President Trump on Wednesday abruptly declared victory over the Islamic State in Syria and said the 2,000 U.S. troops deployed there will come home, fulfilling a major campaign promise but sparking fear abroad and bipartisan outrage at home — all while doing little to clear up America’s regional mission or the fate of its allies in the war-torn terrorist hotbed.
The unexpected move upends years of U.S. policy in Syria and carries with it serious geopolitical consequences. Skeptics warn that it opens the door for Iran and Russia to seize even more power in the region, or for the Islamic State to reconstitute itself.
Wednesday evening, Mr. Trump posted a video on Twitter reiterating his belief that America has defeated its foe. He praised the U.S. military and called the men and women who fought in Syria “great heroes of the world.”
“We have won against ISIS. We’ve beaten them, and we’ve beaten them badly,” the president said. “I get very saddened when I have to write letters or call parents or wives or husbands of soldiers who have been killed fighting for our country. It’s a great honor. But it’s heartbreaking.
“Now we’ve won,” Mr. Trump continued. “It’s time to come back. They’re getting ready. You’re going to see them soon.”
The move was even more stunning given that Mr. Trump’s recently appointed envoy to the Syrian conflict said just days ago that American special operations forces and military advisers were staying for the long term.
The decision touched off a firestorm of opposition on both the left and the right. Critics likened it to President George W. Bush’s infamous “mission accomplished” claim on Iraq and President Obama’s insistence in 2012 that extremist groups were “on the run” in the Middle East, two years before the Islamic State rose to dominate much of Iraq and Syria. Powerful Republican senators described Mr. Trump’s withdrawal as “Obama-like,” a “retreat” and a blunder that will “haunt this administration and America for years to come.”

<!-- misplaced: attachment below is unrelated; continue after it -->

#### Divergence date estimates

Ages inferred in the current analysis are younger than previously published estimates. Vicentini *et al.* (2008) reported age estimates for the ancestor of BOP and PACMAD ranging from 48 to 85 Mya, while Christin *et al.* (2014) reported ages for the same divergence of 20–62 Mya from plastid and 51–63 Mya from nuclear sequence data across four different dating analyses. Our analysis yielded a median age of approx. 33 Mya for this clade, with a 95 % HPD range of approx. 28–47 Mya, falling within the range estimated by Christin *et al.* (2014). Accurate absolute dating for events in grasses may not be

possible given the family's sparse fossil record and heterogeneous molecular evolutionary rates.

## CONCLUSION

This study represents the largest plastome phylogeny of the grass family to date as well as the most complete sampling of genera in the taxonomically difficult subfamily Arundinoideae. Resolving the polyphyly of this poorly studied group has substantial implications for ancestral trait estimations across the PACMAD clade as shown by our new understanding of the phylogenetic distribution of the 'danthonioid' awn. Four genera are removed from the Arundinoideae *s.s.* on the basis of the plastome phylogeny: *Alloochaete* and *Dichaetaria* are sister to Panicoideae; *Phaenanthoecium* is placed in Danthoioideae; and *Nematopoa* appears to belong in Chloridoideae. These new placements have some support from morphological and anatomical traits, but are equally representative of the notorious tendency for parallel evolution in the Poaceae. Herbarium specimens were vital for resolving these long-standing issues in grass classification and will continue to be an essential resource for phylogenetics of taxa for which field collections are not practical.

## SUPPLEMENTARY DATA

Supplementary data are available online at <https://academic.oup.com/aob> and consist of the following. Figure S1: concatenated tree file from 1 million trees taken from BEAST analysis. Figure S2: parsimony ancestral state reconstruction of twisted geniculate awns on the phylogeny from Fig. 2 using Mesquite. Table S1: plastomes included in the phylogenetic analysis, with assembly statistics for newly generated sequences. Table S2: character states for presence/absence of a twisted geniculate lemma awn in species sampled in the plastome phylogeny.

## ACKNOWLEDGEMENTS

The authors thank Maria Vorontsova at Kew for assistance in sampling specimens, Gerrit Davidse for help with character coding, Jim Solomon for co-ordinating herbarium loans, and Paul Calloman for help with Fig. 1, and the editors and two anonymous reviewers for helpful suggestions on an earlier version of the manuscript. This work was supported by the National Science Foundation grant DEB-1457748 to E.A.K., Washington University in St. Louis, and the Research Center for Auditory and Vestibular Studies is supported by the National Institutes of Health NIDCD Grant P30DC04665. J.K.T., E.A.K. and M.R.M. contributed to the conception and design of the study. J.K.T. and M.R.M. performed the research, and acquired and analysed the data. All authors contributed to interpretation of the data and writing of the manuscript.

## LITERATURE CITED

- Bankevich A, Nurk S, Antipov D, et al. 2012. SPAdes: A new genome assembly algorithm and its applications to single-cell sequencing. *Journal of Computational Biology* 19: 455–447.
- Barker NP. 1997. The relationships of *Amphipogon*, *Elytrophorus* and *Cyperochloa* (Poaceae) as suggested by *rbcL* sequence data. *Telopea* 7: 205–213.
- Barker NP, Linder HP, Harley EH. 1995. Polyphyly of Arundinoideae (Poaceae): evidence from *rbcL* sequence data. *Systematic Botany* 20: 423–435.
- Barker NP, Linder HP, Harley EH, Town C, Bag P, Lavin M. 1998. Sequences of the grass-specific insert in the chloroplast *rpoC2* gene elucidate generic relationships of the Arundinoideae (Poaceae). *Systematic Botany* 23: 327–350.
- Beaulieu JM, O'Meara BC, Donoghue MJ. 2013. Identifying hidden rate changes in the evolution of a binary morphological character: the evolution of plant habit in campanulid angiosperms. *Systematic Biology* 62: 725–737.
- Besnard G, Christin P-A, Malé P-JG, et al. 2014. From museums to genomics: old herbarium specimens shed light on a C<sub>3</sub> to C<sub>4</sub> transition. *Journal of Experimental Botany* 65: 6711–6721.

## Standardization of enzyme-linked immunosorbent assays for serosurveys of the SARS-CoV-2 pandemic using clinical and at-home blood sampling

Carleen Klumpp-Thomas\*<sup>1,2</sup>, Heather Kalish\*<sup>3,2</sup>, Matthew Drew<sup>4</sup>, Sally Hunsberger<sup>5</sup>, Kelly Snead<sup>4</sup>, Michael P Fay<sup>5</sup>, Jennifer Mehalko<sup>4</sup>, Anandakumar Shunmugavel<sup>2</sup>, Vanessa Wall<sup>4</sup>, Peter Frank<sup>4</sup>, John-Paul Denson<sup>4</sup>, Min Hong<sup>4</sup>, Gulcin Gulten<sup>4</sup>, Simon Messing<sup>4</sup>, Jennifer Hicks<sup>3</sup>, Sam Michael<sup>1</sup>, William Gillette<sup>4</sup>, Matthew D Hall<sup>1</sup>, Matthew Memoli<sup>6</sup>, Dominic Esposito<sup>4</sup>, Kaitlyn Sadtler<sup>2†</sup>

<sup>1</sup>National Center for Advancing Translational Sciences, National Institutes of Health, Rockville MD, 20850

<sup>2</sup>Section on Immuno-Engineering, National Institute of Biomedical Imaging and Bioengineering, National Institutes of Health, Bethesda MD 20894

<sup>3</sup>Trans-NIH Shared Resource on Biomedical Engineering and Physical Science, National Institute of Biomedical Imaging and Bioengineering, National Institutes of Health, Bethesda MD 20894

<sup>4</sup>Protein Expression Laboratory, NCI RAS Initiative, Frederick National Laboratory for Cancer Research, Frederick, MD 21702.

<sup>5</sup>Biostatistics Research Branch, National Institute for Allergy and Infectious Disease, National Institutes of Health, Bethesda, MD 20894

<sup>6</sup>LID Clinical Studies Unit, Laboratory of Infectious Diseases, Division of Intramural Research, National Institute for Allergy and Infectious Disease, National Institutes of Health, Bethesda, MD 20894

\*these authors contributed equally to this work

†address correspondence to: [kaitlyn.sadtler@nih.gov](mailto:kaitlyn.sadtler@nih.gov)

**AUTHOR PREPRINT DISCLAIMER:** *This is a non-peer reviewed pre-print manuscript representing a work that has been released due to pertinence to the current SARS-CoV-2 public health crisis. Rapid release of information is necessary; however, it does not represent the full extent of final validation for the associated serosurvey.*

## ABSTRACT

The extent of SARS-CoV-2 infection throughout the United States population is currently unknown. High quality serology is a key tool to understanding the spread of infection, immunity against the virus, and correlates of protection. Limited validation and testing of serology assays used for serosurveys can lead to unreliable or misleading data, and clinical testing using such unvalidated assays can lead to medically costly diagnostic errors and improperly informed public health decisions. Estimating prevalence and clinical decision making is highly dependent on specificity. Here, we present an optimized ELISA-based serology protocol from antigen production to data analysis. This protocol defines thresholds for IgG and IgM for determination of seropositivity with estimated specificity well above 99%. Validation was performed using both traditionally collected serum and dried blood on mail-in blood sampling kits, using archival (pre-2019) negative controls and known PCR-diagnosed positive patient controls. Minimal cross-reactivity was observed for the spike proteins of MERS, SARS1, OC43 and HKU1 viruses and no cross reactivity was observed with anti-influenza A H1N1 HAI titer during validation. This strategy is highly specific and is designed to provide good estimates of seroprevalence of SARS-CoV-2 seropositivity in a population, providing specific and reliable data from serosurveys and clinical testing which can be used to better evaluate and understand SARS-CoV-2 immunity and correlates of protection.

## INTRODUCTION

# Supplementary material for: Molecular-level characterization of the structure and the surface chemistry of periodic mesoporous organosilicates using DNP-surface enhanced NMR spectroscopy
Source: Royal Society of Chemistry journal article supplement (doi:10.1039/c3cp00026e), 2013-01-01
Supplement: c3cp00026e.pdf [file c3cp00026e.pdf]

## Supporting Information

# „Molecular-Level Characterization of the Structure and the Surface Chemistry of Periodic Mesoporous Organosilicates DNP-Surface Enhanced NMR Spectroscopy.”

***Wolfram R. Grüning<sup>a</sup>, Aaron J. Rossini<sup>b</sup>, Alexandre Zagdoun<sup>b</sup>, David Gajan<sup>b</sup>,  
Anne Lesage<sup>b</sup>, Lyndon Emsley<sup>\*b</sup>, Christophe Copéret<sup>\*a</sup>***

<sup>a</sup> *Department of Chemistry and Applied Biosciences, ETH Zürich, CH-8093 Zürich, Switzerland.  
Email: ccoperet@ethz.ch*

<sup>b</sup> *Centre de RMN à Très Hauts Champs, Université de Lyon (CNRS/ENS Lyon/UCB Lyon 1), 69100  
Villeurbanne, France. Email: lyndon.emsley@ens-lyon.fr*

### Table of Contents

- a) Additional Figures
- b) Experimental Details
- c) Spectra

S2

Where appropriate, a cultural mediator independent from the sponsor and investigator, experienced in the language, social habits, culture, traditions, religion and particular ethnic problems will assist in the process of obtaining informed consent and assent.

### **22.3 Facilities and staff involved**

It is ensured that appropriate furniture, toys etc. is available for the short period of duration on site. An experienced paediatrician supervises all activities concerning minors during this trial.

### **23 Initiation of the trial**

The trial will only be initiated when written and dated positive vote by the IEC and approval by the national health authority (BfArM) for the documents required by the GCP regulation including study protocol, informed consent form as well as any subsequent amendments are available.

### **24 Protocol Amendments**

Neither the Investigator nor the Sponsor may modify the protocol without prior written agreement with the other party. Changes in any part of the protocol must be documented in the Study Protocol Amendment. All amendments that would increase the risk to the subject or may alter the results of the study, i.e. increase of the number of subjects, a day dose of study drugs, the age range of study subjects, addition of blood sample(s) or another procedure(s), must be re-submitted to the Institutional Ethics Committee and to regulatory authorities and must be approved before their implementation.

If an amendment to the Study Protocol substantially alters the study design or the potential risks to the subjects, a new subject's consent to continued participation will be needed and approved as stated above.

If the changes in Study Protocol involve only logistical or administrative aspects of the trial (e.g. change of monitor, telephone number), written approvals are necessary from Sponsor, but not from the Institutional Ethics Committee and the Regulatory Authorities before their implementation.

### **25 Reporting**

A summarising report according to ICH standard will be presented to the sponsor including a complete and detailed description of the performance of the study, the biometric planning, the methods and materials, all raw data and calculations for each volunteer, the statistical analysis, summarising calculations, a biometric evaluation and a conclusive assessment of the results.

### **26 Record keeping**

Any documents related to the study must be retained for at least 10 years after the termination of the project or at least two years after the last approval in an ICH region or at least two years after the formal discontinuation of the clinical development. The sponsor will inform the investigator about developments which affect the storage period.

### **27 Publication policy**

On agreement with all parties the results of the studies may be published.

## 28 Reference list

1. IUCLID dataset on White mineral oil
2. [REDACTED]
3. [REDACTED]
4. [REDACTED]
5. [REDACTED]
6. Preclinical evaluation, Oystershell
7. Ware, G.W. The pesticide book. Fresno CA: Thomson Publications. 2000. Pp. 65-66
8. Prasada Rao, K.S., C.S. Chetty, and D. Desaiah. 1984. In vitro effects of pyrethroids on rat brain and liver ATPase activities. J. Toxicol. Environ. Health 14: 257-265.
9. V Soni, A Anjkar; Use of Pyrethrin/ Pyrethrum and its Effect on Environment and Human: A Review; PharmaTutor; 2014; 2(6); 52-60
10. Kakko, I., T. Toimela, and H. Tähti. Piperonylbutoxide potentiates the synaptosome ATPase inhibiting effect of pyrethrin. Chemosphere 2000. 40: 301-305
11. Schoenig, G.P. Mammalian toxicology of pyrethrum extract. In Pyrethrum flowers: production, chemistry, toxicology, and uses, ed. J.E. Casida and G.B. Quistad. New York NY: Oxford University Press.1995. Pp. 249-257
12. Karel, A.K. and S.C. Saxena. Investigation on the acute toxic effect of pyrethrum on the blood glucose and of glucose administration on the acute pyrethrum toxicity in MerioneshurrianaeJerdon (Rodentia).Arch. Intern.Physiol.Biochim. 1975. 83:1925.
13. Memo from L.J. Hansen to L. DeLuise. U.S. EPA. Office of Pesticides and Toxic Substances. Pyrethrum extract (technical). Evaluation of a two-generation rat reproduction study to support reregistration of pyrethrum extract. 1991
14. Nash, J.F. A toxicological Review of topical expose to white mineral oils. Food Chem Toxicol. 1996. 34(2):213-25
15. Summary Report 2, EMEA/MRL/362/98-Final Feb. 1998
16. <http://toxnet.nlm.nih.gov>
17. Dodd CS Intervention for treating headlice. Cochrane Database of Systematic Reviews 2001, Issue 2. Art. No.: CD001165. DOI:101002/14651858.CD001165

“The [Obama] administration showed what happens when arbitrary political deadlines — rather than reality on the ground — dictate policy in war zones,” said retiring House Foreign Relations Committee Chairman Edward R. Royce, California Republican. “We must learn from the mistakes of the past, not repeat them.”
Although White House officials say it’s time for the U.S. to move to the next phase of its war against the Islamic State, military officials are much more cautious. They said Wednesday that the military campaign is not over and that much work remains to fully eradicate the terrorist group.
Other administration officials this month also seemed to warn against such a move. Brett McGurk, the administration’s point man for the international coalition against the Islamic State, said last week that it’s foolhardy to defeat the terrorist group’s “physical space and then leave.” He also said there is no firm date for a withdrawal from Syria.
White House National Security Adviser John R. Bolton has said the U.S. military would remain in Syria as long as Iran-backed proxy groups are active there. That position apparently lost out to Mr. Trump’s desire for a quick withdrawal.
The president has frequently bashed open-ended American military quagmires in the Middle East, but foreign policy hawks in his party said the Syria withdrawal is naive and dangerous. Ultimately, they warned, the president will regret it.
“It will be an Obama-like mistake made by the Trump administration,” said Sen. Lindsey Graham, South Carolina Republican, a Trump ally who became a chief critic of the Obama administration’s withdrawal of troops from Iraq.